One might envision two different paths to learning for a Canadian child versus a child living in a developing community elsewhere in the world. A recent Angus Reid survey* commissioned by Children Believe — a charity which has helped more than one-million children globally overcome barriers to access education and other life essentials — reveals how drastically different those two paths are. With International Walk to School Day happening Oct. 6, the survey shows only one-quarter of Canadian children (27 percent) either walk to school or ride their bike, and only two percent travel more than 3 km. Forty-three percent of Canadian kids have safe transport to school — either by car or bus. While such options are available for most kids in Canada, they don’t exist in the communities in Africa, Asia and the Americas where Children Believe works.
A rocky path to learning
In contrast to Canada, the path to learning for children in developing communities is rocky on many levels. About 86 percent of the Canadian parents polled believe primary school sets a child up for success later in life. Yet, according to the United Nations, 260-million children around the world are denied formal schooling due to reasons like poverty, making school-related fees unaffordable, and preventing access to digital learning. The COVID-19 pandemic has only made things worse.
Girls, in particular, are held back from school because of family and household responsibilities they are expected to take on, a lack of separate washrooms at schools, and the prioritization of marriage over education. Even children who can pursue an education may face a difficult and unsafe walk to school hampered by rugged terrain, debilitating dust, scorching heat and the threat of violence. Most Canadian children don’t experience these barriers.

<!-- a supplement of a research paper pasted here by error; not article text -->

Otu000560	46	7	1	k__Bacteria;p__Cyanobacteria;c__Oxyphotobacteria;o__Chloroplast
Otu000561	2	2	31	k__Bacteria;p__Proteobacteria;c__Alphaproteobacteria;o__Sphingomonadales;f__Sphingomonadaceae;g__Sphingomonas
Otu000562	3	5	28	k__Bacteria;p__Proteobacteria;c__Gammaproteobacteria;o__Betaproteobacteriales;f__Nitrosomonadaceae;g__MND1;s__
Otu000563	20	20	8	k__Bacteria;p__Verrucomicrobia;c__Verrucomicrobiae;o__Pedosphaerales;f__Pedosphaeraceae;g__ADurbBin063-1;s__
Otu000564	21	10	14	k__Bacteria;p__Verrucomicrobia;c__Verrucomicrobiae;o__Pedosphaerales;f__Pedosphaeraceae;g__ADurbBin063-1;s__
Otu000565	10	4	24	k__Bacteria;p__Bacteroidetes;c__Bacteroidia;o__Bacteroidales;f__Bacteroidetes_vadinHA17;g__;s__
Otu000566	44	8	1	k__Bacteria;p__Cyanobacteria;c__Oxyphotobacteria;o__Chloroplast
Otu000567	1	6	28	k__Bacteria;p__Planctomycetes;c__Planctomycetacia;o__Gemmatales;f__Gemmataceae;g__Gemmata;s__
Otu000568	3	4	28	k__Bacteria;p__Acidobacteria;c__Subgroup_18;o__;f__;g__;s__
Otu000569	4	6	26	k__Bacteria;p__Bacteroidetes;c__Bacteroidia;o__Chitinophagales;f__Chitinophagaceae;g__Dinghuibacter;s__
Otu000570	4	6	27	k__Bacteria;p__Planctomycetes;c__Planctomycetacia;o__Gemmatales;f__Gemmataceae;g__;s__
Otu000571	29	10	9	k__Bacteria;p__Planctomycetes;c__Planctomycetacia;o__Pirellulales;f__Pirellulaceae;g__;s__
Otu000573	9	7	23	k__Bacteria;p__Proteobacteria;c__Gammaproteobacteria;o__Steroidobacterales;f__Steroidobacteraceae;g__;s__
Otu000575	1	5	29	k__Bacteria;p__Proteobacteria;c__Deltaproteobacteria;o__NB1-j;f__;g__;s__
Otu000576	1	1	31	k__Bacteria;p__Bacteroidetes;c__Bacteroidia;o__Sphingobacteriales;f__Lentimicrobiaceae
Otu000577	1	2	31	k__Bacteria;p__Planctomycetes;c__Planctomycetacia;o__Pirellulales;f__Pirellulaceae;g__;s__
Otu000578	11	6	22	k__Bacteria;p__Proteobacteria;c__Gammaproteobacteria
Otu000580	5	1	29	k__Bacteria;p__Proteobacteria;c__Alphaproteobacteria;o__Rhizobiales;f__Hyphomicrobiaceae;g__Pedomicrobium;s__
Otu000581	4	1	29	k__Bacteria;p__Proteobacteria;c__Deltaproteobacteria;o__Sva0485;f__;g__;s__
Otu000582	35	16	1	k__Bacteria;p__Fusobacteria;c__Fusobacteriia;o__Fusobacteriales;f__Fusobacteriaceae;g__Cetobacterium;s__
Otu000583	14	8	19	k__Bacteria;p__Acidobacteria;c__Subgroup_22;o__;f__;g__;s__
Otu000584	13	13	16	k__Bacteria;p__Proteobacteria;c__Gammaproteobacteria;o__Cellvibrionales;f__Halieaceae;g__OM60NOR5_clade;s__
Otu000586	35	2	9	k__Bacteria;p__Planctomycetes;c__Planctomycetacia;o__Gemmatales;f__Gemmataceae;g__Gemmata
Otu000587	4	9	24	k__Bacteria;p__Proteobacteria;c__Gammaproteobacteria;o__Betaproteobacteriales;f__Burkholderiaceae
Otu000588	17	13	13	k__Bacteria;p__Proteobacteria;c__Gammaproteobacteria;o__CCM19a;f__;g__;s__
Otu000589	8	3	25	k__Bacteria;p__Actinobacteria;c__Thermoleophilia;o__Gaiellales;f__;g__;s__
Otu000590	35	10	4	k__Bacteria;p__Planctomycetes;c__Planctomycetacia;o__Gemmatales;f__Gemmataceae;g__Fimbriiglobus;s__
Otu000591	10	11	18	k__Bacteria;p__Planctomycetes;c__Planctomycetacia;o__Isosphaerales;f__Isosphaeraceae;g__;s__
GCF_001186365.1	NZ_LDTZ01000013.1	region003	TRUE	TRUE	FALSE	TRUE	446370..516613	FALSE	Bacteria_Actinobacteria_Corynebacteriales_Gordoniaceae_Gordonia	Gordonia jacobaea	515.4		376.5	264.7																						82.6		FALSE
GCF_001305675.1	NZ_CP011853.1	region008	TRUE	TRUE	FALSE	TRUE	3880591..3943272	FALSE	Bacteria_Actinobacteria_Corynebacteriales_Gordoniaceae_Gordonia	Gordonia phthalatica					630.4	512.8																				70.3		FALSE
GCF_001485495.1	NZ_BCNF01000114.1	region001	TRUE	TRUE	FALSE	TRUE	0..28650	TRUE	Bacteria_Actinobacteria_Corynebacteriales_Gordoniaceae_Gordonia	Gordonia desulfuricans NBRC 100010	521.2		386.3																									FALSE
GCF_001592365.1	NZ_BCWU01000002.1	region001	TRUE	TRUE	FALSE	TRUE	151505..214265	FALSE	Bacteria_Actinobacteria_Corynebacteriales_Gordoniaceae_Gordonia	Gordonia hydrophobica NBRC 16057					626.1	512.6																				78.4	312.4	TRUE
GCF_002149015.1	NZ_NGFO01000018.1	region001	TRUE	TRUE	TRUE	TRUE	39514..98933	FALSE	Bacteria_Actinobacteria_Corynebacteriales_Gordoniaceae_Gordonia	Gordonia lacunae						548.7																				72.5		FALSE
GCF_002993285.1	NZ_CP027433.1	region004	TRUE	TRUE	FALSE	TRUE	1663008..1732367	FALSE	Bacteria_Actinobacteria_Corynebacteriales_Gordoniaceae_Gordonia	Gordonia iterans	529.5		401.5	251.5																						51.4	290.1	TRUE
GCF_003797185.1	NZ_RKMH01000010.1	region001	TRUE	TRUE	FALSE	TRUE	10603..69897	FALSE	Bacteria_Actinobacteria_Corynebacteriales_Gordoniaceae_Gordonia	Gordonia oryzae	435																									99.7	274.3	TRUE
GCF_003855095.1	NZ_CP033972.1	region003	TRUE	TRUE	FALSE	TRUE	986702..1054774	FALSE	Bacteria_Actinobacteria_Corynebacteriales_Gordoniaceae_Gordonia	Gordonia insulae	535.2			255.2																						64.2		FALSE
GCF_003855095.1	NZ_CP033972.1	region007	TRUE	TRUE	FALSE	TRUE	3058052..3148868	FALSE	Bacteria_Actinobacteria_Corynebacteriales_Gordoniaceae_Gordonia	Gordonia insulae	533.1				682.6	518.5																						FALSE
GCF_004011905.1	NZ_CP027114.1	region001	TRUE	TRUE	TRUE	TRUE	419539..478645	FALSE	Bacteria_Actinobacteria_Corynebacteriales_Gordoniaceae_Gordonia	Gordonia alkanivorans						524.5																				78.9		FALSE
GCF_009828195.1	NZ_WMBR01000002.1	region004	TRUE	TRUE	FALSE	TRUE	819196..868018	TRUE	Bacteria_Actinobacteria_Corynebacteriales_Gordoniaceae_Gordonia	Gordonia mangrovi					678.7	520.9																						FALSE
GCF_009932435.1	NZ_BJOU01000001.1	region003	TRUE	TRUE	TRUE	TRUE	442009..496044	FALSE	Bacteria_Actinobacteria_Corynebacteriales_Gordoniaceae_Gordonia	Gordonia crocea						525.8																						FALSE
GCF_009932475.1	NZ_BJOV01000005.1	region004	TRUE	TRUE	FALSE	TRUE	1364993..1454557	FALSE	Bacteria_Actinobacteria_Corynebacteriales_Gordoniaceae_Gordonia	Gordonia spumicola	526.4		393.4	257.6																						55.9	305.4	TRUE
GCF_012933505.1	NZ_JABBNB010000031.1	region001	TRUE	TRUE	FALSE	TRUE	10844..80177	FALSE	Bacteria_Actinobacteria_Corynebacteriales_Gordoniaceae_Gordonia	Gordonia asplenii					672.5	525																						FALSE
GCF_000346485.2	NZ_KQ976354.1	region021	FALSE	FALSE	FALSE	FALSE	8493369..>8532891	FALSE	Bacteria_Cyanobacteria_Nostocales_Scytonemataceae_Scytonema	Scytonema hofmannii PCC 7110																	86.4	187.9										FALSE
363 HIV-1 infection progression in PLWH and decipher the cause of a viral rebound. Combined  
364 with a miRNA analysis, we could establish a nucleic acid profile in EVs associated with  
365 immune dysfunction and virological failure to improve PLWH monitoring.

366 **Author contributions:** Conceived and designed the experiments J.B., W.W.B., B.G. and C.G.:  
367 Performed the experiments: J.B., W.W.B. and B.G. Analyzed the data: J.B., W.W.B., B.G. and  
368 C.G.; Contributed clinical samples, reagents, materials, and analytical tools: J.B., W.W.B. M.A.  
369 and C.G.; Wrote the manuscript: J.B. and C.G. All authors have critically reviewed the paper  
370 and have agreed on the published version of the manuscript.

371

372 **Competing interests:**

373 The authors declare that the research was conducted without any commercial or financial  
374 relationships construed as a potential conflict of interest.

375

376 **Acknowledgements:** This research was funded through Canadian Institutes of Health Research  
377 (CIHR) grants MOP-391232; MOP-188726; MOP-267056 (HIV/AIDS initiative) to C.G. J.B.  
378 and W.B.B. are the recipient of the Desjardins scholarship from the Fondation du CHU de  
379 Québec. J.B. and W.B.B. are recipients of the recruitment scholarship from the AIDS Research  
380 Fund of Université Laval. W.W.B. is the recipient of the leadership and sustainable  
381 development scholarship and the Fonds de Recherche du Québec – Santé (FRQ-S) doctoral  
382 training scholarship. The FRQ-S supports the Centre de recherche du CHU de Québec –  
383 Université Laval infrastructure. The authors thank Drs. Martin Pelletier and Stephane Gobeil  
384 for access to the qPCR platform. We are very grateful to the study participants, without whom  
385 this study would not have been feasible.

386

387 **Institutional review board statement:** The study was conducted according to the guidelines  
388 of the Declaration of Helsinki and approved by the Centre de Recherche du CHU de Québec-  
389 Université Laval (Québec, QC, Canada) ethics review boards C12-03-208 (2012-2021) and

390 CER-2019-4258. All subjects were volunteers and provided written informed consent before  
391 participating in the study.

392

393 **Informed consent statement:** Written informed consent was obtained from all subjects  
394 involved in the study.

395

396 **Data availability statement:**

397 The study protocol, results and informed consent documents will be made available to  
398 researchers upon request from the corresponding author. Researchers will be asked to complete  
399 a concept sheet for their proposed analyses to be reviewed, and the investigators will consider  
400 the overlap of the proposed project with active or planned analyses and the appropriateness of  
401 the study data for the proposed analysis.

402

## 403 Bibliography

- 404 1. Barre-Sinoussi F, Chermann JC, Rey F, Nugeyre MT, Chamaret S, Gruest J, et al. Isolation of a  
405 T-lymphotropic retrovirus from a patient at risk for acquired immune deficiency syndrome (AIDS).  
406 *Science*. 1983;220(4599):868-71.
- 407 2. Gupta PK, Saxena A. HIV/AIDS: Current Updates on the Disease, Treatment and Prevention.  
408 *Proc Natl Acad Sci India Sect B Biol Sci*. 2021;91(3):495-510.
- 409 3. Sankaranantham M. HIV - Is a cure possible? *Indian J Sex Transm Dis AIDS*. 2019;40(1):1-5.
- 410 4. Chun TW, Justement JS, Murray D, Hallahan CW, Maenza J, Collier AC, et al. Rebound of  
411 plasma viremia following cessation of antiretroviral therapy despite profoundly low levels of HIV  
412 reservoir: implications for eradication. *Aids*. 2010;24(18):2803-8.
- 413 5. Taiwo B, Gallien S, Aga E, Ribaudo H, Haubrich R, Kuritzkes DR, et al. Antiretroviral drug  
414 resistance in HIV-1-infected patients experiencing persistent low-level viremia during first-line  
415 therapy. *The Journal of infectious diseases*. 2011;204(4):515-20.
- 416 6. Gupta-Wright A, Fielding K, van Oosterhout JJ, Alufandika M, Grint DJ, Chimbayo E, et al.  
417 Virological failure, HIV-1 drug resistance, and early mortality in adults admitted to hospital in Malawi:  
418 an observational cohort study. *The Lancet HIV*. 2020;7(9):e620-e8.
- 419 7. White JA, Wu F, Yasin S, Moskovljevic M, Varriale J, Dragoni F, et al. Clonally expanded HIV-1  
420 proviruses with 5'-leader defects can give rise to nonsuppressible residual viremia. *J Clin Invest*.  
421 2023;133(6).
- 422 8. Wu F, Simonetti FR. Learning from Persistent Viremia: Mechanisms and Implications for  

International Walk to School Day – Wednesday, Oct. 6
While only 16 percent of Canadian parents surveyed said they will occasionally walk their children to school, Children Believe is encouraging more families to take the school journey together throughout October to celebrate International Walk to School Day and be thankful for the relatively simple journey our kids have. Parents are encouraged to share their family’s safe walk-to-school experience while recognizing the challenges for vulnerable populations, using the hashtags #TheLongWalk and #WalkToSchoolDay on Facebook, Instagram and Twitter. Additionally, a toolkit at childrenbelieve.ca/walk-to-school has information about barriers to education and what’s being done to remove them.
“In Canada, we tend to think of the ‘cost’ of education in monetary terms and the survey showed parents understand finances are among the greatest barriers to education,” says Fred Witteveen, CEO of Children Believe. “However, in developing communities, the ‘cost’ of opting out of school is even greater. Staying out of school leads to child marriage, child labour and other forms of exploitation. That’s why Children Believe helps children access education. It’s their best opportunity to build a brighter future for themselves and their community.”